- Ensure clarity of goals & targets — Everyone should have a good grasp of how their work contributes to the broader goals. Of course the ability to deliver on objectives and key results (OKR’s) is fundamental but it can be done most effectively when the individuals and the group as a whole know exactly what the desired end results look like. This will help avoid getting paralyzed, and allow everyone to move more quickly — to evaluate more quickly. It’s beneficial that all goals are S.M.A.R.T. (Specific, Measurable, Achievable, Relevant and Time-based).
- Assign responsibilities accordingly — Look to identify the people that might elevate the team by introducing new ideas that’ve been cultivated from different fields, as well as work and life experiences. For a given role we look for cognitive diversity i.e. differences in how people process information– in other words how they think. This can become a powerful way to break from the status quo that stems from ‘checking a box’.
- Protect your time — Avoid wasting half of your time by delegating all the low-value and uninteresting work to machines & tools. This will effectively eliminate low-level work obligations off your plate and free up more time for the things that matter like high-leverage tasks, etc.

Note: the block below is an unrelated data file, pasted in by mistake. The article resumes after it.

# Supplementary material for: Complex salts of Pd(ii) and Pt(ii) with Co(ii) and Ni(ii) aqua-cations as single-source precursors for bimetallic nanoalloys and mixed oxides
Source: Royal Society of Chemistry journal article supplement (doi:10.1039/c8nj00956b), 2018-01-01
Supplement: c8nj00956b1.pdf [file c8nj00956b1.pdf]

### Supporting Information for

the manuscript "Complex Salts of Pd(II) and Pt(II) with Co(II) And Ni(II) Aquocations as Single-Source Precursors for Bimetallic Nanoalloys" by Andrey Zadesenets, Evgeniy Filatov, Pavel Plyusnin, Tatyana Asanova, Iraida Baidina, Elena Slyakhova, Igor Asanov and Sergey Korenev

- BONUS (ties in with #2) — I believe creating a culture of continuous improvement is essential i.e. to always be improving. This should include life outside of work. So we begin our regular meetings with each team member sharing something they improved upon on a personal level or within the confines of their work environment, followed by sharing a specific problem or issue they are facing. This allows for a collective celebration of big and small victories, and also opens the door for collaboration on problems both intra-department and cross-departmentally. By creating time for the team to share together about something they are facing (again personal or work related) without forcing a solution right away can produce different and better outcomes.